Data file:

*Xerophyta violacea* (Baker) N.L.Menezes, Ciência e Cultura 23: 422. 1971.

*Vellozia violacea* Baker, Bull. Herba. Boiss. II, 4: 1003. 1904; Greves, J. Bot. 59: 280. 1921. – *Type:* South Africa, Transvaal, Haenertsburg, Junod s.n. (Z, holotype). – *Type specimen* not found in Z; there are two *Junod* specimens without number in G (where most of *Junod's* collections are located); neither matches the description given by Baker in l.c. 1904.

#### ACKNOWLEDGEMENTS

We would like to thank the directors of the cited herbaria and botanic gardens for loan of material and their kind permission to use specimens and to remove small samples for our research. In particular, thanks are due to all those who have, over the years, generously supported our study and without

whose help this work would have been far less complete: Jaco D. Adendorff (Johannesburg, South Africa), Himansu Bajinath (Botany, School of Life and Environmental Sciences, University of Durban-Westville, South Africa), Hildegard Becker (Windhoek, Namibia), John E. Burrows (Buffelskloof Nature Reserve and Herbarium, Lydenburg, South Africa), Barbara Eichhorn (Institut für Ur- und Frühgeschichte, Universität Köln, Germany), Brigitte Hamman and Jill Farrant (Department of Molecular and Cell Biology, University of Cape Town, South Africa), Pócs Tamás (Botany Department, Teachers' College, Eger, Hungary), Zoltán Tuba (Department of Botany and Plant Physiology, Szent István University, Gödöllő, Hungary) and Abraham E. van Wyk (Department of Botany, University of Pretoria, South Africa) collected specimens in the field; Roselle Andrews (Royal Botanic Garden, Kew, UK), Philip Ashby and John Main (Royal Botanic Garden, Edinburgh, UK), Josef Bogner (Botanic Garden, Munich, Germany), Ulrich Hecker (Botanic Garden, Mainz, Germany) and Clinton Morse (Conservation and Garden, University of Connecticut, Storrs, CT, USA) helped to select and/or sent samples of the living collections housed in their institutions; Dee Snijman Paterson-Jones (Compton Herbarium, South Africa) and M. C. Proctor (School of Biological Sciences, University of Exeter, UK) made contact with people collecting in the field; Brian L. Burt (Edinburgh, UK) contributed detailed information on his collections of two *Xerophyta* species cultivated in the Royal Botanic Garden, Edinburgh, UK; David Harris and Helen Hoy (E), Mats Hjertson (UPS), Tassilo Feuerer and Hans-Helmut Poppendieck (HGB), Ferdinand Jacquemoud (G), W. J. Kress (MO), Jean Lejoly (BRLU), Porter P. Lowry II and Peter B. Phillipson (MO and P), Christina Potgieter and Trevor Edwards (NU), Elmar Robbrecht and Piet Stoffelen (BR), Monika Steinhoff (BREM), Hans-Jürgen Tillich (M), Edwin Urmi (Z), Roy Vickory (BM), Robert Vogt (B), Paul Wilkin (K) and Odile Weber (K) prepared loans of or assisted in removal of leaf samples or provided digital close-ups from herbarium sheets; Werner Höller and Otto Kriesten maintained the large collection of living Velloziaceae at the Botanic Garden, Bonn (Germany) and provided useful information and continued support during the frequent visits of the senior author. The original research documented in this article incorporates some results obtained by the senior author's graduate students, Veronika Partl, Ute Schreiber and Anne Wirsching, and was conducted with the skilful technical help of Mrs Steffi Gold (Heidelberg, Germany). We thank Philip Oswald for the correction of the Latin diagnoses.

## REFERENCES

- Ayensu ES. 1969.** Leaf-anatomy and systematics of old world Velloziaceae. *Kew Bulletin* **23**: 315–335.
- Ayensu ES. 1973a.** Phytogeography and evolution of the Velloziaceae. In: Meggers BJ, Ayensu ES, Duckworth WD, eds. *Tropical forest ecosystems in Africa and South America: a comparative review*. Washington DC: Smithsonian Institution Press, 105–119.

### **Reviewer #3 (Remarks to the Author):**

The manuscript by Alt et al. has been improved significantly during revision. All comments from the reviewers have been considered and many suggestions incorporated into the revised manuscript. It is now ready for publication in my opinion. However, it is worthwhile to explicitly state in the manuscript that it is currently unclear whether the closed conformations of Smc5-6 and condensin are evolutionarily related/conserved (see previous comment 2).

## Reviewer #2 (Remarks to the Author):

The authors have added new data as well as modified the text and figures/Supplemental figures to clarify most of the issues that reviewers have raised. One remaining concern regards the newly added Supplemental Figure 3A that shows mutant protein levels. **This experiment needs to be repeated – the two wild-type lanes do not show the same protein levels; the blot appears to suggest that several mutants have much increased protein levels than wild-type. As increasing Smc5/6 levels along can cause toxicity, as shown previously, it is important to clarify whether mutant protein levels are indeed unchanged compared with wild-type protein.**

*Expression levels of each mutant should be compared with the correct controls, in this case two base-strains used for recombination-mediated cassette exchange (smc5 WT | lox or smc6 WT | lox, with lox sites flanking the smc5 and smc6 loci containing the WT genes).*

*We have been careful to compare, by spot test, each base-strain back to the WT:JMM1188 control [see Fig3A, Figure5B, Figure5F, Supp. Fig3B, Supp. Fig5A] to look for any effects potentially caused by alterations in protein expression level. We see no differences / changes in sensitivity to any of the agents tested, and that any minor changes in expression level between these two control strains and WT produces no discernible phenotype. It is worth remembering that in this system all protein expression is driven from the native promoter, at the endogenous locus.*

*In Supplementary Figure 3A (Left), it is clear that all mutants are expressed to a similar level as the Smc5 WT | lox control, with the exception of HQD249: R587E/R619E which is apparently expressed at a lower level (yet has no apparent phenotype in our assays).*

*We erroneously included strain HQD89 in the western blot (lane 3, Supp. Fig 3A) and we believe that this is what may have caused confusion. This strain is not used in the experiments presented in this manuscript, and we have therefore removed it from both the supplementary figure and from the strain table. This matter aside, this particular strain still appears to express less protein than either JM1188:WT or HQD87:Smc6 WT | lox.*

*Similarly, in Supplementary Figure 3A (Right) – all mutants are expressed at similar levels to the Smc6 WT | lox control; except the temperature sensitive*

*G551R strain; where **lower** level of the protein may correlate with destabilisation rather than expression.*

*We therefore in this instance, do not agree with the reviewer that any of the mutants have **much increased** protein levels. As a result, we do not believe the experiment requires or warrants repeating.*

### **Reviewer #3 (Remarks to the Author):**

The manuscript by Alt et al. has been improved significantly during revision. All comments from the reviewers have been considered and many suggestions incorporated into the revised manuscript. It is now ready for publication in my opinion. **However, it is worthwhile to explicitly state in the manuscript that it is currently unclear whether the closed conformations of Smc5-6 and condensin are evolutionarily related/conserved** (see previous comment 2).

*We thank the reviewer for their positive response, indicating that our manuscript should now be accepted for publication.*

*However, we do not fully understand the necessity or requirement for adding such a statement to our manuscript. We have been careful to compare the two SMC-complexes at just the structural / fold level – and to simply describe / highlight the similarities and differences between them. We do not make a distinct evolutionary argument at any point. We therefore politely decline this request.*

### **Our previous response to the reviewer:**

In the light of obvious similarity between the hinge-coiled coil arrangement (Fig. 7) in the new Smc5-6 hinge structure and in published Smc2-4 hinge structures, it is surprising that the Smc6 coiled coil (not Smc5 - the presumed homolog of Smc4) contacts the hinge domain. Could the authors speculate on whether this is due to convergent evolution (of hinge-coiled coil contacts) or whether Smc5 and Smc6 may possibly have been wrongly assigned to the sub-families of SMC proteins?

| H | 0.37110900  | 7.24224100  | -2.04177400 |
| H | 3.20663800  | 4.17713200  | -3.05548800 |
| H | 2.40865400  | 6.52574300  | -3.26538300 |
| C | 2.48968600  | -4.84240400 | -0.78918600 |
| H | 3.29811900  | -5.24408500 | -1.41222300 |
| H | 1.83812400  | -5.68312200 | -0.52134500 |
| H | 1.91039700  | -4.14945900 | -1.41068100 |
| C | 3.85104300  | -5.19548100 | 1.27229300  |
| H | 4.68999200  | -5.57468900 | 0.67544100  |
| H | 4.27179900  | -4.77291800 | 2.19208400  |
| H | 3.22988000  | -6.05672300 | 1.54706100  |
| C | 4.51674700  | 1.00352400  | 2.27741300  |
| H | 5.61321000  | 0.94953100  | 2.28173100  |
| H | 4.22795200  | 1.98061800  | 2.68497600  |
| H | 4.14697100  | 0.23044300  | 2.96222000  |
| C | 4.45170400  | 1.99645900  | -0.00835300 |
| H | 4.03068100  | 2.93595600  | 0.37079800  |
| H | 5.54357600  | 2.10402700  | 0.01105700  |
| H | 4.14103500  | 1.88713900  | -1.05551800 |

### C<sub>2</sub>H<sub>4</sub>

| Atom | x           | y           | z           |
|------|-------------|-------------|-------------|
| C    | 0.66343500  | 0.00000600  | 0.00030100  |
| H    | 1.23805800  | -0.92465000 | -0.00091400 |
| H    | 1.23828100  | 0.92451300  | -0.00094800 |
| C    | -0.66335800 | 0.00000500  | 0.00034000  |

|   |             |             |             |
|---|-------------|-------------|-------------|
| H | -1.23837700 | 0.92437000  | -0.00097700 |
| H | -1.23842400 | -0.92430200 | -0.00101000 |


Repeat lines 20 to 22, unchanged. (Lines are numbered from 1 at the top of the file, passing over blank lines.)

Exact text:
### **Reviewer #3 (Remarks to the Author):**

The manuscript by Alt et al. has been improved significantly during revision. All comments from the reviewers have been considered and many suggestions incorporated into the revised manuscript. It is now ready for publication in my opinion. **However, it is worthwhile to explicitly state in the manuscript that it is currently unclear whether the closed conformations of Smc5-6 and condensin are evolutionarily related/conserved** (see previous comment 2).

*We thank the reviewer for their positive response, indicating that our manuscript should now be accepted for publication.*